Sailing the North Sea and the English Channel – by Jan

schueler-jan-kopieAfter a long day in the Kiel Channel, we saw it, the great door which was the last barrier between us and the North Sea. When the gate of the lock was opened, the sun shone in our faces. It is very exciting what we will discover. In a few hours we will leave the German territory behind us and won’t come back in the next 6 months. The first nightwatch under sail wasn’t an easy one for us. We had to gybe, so we had to shift sails to the other side of the ship. A few minutes later the wind changed its direction. The result was that we had to haul the sails tighter.
In the morning the North Sea said ‚Good morning‘ to us with a cold and fresh breeze. During the day the wind got stronger and stronger, logically the waves also got higher and higher. In the night a disease well known among sailors began to make some trouble in some of our stomachs: SEASICKNESS. After a short time the number of absentees in the watches began to increase from shift to shift. Sometimes more than half of our watch got seasick, even some of the crew. In the next days the North Sea showed its nasty and unfeeling side to us. Normal everyday life on board lost its importance. Luckily I wasn’t seasick, but for some of us it was a very hard time. Some students and some of the main crew couldn’t even go below deck. They stayed on the poop deck and sat on benches or hung (secured by harnesses) over the sea-rails. The guys who weren’t seasick helped the others. They offered them water, crackers and ship’s bisquit (Zwieback).
When we made it through the English Channel, most of the seasick people were cured from seasickness and everyday life came slowly back on board.
The Channel itself is a very busy marine traffic route, so you have to be very alert in the lookout. On the 20th October we crossed the Greenwich meridian at about 4 o’clock in the morning. Watch 2 told us that it was like New Year’s Eve. Everyone stayed around the GPS and stared on the degrees of longitude.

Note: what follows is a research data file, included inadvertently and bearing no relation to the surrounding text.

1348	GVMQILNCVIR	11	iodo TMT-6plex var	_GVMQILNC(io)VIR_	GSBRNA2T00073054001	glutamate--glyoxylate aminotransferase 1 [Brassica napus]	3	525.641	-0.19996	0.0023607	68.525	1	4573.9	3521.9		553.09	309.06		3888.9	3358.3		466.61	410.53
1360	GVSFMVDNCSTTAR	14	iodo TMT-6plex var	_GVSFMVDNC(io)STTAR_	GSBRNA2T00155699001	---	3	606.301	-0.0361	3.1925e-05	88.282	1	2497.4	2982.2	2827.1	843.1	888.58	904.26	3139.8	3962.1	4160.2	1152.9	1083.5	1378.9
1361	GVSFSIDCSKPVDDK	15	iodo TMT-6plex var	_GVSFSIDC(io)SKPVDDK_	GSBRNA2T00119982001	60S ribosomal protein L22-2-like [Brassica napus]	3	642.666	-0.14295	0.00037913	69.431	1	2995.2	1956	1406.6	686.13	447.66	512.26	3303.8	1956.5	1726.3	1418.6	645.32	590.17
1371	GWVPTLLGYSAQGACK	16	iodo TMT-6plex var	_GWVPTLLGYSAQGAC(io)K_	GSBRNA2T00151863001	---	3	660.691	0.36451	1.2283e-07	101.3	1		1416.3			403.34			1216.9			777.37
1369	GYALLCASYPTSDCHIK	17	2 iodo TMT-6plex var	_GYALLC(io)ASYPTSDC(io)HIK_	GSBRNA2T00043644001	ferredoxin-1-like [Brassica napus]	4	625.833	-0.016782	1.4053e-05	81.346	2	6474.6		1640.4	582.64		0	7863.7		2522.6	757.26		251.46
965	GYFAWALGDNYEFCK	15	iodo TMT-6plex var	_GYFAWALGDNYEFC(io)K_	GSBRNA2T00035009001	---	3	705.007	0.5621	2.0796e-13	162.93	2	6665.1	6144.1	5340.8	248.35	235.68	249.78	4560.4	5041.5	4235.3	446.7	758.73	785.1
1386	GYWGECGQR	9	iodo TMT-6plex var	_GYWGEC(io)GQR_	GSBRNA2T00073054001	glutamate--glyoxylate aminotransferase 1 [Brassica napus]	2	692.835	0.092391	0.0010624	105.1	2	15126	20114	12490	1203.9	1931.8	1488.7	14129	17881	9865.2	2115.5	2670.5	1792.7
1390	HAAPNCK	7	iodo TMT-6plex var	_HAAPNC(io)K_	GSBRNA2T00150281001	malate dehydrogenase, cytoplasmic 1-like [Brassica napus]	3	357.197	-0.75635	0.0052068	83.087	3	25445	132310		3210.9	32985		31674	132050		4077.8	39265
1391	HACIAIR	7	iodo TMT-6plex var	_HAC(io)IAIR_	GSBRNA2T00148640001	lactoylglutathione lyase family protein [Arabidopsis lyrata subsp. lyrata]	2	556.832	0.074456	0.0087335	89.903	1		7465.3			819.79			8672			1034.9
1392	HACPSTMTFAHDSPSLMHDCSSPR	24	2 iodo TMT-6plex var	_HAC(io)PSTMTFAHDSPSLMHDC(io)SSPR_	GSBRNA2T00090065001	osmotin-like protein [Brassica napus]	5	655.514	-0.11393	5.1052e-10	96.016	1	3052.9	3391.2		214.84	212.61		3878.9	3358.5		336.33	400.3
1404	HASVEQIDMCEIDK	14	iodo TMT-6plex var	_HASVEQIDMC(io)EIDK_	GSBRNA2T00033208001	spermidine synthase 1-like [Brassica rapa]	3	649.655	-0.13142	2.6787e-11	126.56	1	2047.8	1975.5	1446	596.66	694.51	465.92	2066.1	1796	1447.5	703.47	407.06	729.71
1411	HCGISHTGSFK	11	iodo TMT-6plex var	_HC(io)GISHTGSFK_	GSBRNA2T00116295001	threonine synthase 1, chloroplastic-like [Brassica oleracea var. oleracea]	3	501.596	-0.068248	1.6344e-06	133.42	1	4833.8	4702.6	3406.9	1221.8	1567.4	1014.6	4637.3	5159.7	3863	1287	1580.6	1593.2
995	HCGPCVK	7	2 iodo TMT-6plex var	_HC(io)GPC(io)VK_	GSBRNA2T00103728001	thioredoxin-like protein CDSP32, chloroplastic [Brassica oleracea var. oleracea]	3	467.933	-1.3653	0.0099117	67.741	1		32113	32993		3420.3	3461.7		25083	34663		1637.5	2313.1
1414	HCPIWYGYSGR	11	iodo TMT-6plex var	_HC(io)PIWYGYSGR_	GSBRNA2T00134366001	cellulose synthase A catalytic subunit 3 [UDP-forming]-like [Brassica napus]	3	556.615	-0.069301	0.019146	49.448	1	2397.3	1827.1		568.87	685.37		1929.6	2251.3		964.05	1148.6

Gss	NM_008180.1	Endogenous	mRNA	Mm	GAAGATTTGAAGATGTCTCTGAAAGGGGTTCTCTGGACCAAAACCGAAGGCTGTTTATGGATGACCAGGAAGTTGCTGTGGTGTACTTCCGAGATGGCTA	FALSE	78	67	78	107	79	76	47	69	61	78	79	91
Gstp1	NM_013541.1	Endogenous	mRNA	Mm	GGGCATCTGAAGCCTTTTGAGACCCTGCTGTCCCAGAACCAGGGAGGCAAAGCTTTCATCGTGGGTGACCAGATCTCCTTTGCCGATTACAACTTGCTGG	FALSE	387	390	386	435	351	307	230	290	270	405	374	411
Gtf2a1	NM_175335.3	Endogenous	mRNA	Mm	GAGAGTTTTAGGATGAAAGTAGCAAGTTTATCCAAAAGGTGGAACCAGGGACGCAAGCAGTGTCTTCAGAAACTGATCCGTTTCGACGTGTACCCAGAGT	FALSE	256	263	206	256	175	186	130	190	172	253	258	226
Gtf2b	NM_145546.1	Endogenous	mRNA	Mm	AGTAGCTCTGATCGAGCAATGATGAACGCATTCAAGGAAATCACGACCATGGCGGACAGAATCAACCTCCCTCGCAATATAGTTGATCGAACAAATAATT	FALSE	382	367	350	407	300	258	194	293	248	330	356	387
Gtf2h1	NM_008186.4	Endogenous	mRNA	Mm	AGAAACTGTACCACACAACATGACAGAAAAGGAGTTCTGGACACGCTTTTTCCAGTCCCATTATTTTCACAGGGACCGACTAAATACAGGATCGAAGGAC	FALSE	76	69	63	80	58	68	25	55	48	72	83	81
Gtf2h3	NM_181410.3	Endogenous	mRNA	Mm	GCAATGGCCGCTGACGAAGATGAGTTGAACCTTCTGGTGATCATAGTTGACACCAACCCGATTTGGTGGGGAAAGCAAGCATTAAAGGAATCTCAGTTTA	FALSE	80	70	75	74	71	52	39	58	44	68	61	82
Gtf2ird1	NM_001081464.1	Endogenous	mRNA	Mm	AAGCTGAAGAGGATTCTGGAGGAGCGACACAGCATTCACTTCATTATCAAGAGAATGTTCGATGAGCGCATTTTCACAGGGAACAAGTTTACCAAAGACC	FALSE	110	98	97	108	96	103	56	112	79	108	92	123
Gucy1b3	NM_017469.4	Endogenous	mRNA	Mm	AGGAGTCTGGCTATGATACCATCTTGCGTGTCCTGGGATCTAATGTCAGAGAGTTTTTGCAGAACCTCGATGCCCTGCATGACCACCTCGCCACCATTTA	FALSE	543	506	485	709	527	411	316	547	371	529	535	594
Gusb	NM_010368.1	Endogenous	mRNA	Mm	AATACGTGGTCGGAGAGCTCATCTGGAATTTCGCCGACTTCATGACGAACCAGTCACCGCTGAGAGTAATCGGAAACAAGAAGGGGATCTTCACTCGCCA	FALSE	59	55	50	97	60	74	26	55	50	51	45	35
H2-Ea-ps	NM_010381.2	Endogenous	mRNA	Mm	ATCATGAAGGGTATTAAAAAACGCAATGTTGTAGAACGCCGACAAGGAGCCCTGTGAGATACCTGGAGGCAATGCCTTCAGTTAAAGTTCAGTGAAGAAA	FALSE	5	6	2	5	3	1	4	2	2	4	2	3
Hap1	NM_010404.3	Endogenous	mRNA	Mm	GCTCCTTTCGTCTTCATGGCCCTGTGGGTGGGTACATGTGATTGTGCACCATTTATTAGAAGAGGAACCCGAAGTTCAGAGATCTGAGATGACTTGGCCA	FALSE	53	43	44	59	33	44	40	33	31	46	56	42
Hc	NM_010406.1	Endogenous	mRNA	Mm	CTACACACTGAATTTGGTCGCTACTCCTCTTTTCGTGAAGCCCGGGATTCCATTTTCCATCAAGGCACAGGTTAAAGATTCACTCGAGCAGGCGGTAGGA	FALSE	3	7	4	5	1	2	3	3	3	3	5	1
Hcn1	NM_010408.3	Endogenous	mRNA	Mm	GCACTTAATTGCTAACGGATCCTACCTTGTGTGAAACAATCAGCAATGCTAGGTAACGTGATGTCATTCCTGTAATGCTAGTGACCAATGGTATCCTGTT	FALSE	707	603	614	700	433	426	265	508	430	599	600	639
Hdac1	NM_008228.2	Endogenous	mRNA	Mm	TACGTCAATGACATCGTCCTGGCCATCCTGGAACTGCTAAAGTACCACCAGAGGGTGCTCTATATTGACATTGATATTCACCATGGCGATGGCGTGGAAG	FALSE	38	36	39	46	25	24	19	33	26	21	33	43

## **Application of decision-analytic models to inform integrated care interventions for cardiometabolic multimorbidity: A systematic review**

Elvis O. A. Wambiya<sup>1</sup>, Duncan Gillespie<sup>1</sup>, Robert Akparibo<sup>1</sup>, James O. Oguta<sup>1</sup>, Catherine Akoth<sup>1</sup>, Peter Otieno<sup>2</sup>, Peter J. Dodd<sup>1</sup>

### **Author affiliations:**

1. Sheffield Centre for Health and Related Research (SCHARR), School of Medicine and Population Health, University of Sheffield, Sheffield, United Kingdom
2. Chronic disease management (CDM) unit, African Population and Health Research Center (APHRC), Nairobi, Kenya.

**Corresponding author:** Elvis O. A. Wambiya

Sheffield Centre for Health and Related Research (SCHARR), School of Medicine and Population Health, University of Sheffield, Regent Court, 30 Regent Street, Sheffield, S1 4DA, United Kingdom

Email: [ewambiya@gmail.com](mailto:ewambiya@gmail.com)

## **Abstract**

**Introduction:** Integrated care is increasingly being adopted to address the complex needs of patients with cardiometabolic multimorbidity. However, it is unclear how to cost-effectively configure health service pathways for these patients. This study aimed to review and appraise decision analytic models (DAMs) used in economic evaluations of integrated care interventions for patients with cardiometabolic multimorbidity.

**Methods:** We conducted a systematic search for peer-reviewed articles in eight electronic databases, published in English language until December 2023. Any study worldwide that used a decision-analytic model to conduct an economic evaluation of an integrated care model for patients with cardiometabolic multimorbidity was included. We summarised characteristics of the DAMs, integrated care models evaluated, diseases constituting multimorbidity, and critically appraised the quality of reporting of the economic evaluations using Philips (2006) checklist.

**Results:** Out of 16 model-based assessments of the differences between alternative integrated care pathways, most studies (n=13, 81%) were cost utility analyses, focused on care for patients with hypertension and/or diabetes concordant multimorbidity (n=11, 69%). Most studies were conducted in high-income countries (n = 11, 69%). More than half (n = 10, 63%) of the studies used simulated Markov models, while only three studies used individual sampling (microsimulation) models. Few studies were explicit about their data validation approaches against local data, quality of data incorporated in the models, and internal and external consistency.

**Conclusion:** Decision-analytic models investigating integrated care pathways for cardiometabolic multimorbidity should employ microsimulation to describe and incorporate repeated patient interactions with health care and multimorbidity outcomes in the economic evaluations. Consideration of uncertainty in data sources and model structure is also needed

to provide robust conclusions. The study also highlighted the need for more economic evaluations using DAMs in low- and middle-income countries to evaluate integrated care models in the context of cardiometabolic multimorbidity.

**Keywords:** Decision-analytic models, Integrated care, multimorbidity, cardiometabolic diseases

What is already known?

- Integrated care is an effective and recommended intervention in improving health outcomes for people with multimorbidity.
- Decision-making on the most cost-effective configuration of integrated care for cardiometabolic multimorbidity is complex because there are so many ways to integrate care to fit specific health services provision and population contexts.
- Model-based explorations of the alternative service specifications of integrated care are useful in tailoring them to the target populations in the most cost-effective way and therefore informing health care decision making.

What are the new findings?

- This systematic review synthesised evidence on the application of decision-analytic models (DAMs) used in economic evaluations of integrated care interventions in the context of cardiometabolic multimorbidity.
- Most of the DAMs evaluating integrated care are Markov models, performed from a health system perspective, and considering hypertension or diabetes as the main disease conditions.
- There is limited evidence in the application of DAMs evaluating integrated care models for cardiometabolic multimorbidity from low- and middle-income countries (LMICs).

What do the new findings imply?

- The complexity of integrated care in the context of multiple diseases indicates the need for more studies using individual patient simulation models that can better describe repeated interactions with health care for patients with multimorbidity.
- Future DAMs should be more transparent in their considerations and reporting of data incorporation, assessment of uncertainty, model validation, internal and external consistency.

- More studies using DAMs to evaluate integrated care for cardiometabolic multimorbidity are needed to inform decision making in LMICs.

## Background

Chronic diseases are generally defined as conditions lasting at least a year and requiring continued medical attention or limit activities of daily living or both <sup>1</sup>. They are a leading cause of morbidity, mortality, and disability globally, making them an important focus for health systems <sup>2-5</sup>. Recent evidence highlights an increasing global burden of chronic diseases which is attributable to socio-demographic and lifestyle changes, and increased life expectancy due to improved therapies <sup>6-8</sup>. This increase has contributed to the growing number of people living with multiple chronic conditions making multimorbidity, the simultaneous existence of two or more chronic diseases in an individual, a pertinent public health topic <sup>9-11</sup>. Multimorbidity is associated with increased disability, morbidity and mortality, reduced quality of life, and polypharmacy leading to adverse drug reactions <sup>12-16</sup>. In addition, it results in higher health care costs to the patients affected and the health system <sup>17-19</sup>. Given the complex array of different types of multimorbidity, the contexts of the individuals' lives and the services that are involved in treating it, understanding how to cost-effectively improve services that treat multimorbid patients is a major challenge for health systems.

And finally, on the 21 October, we could see the lighthouse of Falmouth in front of us. It was a beautiful morning. Since the night, the clouds got less every hour. When the sun was rising the grey clouds turned into awesome orange-coloured clouds. The sea had changed its colour into a deep blue tone. Just in this moment somebody shouted from the fore deck: ‚Dolphins! Dolphins in front of the bow!‘. Everybody who had time came to the fore deck. Armed with cameras and camcorders we stood at the bulwark and waited for the dolphins. And then there they were. Five or six dolphins swam under our bow or jumped out of the waves next to us! It was just an unbelievable scene. For me it was like in a TV documentary, which now happened in real life. It was truly unbelievable.
After that, we arrived in the harbor of Falmouth at ten o’clock in the morning and we were happy that we had reached our first stop, and we looked forward to our time on land.
This leg of our journey was a part with some bad moments like seasickness, but there were also good moments like dolphins or the ’seaman’s breakfast‘. All in all, sailing the North Sea and the English Channel was a trip where we gained a lot of experience and we learned to handle some very important things, to live with seasickness, and learned about everyday life on board or many nautical techniques.